“Narrative Art” illustrates or tells a story. It usually describes self-explanatory events from daily life or those drawn from a text, well-known folk tale or myth so it is invariably associated with storytelling. As stated, in Western culture, painting and sculpture evolved to illuminate narratives of religion, patronage, and power. Over the centuries, genre scenes, still life’s, and portraits—often created intricate allegories for religious or historical subject matter. As the narrative role of art expanded in the twentieth century, with the advent of abstraction as a radical break with the past, many artists associated with the avant-garde rejected the figurative and, hence, eliminated explicit narrative content. More recently within contemporary art a generation of younger artists embraced the concept of storytelling to articulate the politics of identity and difference, investing both abstract and representational forms with narrative content.
Storylines offers an expansive view of the new paradigms for storytelling forged during the past ten years to communicate ideas about race, gender, sexuality, history, and politics, among other significant themes. With over one hundred works from the Guggenheim’s contemporary collection, this exhibition examines the diverse ways in which artists today engage narrative through installation, painting, photography, sculpture, video, and performance. The artists involved within this exhibition seem to use storytelling beyond the need for plots, characters, or settings. Rather, narrative potential lies in everyday objects and materials, and their embedded cultural associations. Through a series of projects created through extensive research, acts of appropriation, or performance, the artists in Storylines uncover layers of meaning, turning to individual experience as a means of conveying shared stories, whether real or fictional. Key narratives centred upon communication, dissemination, and interpretation have been investigated to offer a social commentary of every aspect of life. As stated, these new narrative frames highlight the roles that each of us can play as both author and reader, that meaning is contingent in today’s interconnected world. Visitors have therefore been encouraged to interpret such meaning to promote heightened understanding and connection through and within the narrative.
From viewing and reflecting upon Haegue Yang’s created multisensory environment the Series of Vulnerable Arrangements—Voice and Wind (2009), I was struck by the sense of home, of the use of the blinds. I was really caught up with how they hung, as if partitioning off rooms of a home from view, of shifting and changing perspectives, of looking in from outside. It was almost as if there was a sense of intrusion, of bringing the public into the private space of the home. Although not able to smell the scents or see movement…there was acknowledgement of the subtle sway of the blinds which had chemically manufactured scents, emanating from commercial scent emitters and branded with names like Buddha Temple and Ocean Mist. Yang questions why mass production would attempt to capture sensations and stimuli that are variable, culturally bound, and sublime. Within this environment, olfactory, tactile, and visual experience collapse together, encouraging the viewer’s personal interpretations.
Shannon Ebner’s photographs and videos map the boundaries between visual and linguistic forms, highlighting basic manifestations of writing such as individual letters, punctuation marks, and typographic symbols. Working in black and white—the most basic palette of printed text—Ebner often photographs characters that she builds out of readily available materials like cardboard or concrete blocks and then situates in the landscape. Drawing on photography’s etymology as “light-writing,” she examines how the medium can construct meaning—or obscure it. This interest extends to her more documentary images, such as Instrumentals (2013), which shows a template for organizing tools in a Los Angeles auto body shop in which each hanging object is marked by its silhouette. Presented unaltered but without context, these shapes seem like an alphabet in formation—symbols that verge on signification but remain abstract and opaque. As I viewed Instruments, I created my own sort of language in my mind, of using the shapes as text… a new form of classification or typology to elicit meaning to understand a general type or grouping. This helped me to reflect further on my own creative practice and the use of shapes and line with black ink, to create new narratives from and within modern day symbols in print.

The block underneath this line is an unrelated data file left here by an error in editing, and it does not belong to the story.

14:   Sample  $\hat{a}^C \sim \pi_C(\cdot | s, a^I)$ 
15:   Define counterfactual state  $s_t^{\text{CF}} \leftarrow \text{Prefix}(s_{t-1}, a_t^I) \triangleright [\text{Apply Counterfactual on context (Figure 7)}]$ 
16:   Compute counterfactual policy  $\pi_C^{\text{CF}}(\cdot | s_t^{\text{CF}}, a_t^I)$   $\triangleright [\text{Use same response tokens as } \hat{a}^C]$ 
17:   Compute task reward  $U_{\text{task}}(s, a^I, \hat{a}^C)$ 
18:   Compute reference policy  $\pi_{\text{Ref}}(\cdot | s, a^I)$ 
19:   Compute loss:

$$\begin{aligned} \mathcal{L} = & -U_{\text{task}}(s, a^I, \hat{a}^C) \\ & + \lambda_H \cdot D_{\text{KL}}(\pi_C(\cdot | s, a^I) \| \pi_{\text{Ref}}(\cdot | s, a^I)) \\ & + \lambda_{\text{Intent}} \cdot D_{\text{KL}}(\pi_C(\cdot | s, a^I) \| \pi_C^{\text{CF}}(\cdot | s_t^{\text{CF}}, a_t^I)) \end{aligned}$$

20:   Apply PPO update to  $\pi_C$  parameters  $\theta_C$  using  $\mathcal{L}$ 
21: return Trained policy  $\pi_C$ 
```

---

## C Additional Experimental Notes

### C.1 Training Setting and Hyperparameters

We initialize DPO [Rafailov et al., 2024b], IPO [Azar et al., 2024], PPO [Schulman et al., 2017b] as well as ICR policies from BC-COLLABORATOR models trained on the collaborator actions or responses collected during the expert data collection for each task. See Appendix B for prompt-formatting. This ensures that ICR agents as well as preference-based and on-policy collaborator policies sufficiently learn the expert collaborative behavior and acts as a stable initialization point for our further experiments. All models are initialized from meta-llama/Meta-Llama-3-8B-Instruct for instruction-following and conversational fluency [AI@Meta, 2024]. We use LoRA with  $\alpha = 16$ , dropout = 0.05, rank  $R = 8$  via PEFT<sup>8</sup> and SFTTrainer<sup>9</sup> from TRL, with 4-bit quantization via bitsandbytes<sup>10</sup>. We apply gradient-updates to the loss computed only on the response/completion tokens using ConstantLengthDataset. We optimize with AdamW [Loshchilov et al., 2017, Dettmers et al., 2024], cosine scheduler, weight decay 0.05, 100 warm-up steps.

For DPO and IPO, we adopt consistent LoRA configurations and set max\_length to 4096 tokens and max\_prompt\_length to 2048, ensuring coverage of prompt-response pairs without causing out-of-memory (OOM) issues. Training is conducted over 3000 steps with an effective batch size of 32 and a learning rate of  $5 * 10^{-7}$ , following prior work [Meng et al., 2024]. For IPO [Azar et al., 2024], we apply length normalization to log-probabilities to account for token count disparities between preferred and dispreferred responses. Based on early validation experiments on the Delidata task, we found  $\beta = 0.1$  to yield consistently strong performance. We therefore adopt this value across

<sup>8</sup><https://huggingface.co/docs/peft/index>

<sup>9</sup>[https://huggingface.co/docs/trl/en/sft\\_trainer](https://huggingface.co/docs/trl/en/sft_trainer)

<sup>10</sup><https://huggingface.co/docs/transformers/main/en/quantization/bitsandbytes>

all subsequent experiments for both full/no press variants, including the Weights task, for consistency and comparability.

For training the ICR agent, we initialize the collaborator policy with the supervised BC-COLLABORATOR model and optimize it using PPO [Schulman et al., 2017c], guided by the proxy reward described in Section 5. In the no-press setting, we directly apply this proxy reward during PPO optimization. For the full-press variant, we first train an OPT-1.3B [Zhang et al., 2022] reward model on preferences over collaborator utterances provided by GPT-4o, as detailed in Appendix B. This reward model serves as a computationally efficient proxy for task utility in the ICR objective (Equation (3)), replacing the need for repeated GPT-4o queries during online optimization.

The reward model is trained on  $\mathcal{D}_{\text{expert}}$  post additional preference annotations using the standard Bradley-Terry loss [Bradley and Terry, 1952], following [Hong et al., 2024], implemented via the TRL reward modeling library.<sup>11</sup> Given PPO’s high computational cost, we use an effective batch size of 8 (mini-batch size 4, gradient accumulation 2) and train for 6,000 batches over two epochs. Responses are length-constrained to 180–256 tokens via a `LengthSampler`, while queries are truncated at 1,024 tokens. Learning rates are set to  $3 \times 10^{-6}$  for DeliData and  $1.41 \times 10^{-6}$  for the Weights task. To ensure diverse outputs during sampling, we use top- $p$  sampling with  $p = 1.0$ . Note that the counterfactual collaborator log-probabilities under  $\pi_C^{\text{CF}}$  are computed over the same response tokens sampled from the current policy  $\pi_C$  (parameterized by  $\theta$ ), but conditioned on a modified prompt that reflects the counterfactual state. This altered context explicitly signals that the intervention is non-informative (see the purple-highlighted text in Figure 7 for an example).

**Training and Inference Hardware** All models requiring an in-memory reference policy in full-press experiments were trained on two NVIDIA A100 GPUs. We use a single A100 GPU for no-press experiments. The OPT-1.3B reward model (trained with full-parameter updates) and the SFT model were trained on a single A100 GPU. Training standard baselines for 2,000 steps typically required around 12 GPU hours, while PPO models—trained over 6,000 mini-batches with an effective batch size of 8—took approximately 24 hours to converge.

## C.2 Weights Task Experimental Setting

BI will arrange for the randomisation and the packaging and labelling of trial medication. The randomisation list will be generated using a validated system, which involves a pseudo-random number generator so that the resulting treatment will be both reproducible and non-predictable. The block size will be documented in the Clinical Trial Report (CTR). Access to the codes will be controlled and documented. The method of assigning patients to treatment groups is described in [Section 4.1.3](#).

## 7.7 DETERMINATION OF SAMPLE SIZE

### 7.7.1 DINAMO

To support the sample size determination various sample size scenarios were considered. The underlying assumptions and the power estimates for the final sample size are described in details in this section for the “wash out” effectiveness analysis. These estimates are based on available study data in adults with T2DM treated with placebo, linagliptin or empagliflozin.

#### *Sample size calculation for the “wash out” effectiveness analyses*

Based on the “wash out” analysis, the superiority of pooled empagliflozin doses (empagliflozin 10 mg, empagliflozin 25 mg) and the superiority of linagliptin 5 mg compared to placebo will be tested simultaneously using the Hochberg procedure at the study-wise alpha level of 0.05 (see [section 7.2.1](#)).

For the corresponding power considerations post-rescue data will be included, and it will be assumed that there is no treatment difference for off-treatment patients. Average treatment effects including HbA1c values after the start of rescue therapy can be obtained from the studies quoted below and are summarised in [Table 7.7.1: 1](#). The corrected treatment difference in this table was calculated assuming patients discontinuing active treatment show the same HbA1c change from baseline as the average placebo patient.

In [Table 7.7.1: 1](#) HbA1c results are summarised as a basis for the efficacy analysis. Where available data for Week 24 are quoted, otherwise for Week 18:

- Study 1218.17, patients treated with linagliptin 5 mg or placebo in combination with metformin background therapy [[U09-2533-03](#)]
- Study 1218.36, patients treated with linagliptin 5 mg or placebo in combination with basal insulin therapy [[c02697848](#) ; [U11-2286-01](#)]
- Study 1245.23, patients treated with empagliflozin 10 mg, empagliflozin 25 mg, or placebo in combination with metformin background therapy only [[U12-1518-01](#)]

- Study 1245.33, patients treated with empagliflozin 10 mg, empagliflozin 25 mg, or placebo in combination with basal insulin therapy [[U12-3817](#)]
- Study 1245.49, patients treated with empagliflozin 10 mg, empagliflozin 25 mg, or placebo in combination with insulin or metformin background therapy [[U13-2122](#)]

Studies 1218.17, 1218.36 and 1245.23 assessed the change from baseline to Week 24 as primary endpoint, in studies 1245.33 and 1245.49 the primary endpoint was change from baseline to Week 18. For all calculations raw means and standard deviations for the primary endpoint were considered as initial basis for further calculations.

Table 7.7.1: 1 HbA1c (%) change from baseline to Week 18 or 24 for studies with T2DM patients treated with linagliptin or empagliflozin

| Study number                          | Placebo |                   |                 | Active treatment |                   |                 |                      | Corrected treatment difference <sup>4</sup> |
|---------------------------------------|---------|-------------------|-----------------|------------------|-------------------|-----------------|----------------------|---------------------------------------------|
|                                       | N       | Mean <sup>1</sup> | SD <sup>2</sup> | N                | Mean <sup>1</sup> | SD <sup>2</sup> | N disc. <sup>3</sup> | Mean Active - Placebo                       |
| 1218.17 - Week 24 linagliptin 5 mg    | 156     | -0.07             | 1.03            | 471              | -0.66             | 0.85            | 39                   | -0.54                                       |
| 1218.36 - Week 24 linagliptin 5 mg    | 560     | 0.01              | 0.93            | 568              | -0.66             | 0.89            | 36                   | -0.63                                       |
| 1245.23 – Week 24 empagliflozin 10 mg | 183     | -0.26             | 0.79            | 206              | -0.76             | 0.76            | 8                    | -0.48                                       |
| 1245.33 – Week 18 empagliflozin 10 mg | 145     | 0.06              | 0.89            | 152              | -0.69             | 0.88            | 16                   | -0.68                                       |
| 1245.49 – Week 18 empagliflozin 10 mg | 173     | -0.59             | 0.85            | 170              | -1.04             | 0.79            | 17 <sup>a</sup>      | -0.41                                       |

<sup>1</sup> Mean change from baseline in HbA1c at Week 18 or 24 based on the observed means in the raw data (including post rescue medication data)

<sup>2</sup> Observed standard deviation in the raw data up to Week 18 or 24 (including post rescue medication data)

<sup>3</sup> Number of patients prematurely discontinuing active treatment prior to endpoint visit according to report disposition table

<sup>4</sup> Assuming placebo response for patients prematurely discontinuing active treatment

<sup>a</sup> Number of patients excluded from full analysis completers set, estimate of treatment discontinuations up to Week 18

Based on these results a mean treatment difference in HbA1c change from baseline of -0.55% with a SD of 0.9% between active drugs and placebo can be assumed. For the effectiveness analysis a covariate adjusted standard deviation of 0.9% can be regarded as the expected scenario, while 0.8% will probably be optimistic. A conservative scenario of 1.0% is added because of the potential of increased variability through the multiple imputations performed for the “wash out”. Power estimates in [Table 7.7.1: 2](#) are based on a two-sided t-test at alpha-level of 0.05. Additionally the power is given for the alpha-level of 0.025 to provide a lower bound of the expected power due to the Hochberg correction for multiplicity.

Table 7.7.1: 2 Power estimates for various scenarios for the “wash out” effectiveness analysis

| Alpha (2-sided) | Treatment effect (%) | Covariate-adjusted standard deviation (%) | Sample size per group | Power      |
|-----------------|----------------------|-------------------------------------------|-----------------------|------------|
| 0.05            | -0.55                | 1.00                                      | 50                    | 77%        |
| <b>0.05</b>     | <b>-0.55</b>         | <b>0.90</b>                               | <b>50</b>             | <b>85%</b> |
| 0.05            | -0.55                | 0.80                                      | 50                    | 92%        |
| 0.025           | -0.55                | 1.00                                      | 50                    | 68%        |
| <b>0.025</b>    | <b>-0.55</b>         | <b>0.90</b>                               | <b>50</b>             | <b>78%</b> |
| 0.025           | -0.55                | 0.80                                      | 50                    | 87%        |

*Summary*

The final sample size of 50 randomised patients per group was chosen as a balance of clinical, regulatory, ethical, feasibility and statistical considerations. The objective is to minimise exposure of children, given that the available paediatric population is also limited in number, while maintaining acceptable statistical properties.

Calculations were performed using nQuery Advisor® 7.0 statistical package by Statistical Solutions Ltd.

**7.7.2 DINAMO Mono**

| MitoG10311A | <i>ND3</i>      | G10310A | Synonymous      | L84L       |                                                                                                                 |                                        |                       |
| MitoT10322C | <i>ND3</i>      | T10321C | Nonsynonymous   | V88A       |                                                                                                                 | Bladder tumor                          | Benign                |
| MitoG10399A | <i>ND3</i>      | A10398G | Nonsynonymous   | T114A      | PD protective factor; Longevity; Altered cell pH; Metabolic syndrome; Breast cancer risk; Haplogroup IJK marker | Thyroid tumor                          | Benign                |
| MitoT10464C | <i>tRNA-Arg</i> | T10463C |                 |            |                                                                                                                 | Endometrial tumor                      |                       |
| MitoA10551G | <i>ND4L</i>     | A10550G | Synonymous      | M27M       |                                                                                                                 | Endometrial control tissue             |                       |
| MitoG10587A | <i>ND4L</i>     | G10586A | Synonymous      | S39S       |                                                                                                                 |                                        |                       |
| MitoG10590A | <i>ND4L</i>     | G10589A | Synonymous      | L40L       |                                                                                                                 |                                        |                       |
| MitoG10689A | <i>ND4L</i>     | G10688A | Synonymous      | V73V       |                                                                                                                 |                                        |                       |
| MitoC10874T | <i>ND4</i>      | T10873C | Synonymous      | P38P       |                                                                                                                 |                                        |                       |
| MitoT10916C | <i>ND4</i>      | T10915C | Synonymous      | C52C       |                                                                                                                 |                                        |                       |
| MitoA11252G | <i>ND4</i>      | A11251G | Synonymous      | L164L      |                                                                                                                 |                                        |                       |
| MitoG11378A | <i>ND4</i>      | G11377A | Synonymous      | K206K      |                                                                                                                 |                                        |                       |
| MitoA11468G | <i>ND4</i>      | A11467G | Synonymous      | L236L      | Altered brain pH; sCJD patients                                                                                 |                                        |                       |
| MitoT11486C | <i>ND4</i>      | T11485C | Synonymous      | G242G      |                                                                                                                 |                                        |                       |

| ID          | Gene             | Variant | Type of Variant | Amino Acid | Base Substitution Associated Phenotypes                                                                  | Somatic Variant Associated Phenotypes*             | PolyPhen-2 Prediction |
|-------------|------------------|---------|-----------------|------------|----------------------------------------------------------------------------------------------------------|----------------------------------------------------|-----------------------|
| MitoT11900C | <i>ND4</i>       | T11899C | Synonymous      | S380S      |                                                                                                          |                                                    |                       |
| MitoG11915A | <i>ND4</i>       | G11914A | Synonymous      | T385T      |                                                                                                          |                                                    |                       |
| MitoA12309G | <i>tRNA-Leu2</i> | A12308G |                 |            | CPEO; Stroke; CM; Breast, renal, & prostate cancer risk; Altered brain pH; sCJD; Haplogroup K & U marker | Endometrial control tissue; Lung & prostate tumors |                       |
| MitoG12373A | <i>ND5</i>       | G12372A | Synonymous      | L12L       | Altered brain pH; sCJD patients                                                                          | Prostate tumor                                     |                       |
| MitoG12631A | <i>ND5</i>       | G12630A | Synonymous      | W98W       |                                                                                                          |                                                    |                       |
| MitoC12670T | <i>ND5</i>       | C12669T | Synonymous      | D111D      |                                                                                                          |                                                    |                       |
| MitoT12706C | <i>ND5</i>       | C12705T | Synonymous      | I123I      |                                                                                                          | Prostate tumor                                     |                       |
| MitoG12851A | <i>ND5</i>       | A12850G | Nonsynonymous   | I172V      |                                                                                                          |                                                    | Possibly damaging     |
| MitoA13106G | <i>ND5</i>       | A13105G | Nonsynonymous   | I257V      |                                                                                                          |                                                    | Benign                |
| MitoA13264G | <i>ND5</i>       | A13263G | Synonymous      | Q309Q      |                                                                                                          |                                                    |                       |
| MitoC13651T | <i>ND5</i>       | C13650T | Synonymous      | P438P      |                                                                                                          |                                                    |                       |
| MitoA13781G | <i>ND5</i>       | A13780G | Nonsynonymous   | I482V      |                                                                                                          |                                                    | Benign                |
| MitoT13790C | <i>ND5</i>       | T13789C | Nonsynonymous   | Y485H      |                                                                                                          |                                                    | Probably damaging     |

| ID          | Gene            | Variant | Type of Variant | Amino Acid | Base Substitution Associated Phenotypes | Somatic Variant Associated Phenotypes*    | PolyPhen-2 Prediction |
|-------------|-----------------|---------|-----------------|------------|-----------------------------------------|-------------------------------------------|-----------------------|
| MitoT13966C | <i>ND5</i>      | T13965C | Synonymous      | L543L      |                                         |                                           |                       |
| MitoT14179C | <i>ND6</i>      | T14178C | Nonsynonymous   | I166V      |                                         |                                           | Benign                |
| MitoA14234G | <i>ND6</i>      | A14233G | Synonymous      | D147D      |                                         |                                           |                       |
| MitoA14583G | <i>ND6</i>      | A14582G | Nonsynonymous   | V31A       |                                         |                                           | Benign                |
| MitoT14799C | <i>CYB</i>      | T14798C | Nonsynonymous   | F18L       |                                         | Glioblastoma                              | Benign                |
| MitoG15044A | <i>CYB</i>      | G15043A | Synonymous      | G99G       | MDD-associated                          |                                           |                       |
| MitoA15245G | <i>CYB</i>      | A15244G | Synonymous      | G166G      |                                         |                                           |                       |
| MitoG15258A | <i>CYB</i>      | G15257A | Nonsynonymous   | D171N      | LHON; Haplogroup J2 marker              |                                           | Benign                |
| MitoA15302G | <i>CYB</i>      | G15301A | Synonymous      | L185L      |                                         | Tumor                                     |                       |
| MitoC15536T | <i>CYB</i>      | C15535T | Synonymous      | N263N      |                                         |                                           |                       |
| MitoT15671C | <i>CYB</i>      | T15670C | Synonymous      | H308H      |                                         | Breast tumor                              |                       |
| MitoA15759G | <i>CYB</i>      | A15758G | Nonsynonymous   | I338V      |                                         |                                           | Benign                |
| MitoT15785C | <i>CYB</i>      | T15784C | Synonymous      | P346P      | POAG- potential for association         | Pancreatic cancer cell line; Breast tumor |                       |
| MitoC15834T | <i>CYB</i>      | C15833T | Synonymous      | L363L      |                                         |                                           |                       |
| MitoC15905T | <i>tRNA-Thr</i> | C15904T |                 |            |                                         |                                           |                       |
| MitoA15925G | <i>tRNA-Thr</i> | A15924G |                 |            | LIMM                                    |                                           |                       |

As stated from the website Felix Gonzalez-Torres’s artworks often encourage viewers to perform a modest action such as taking a piece of candy from a continually refilled pile on the floor or removing a sheet of paper from an ever-replenishable stack. Despite their ephemerality, these acts evoke complex social and political undertones. Conjuring the vocabulary of Minimalism while reinvigorating it with open-ended content, Gonzalez-Torres leaves the construction of meaning to the viewer, only subtly hinting at the autobiographical or the incendiary in his untitled works. For me “Untitled” (Golden) (1995) is a luminous curtain and beautiful partition, shimmering with faux-gilded beads. Any contact with this golden screen is both tactile and sensory, and there is an unwritten invitation to the viewer in person to transform its shape by touching it and walking through it. There is a sense of collective and public experience from doing so. The pliable and permeable membrane of the beads is imbued with symbolic meaning: “Untitled” (Golden) highlights transitory passage—from public to private, life to death, the known to the unknown.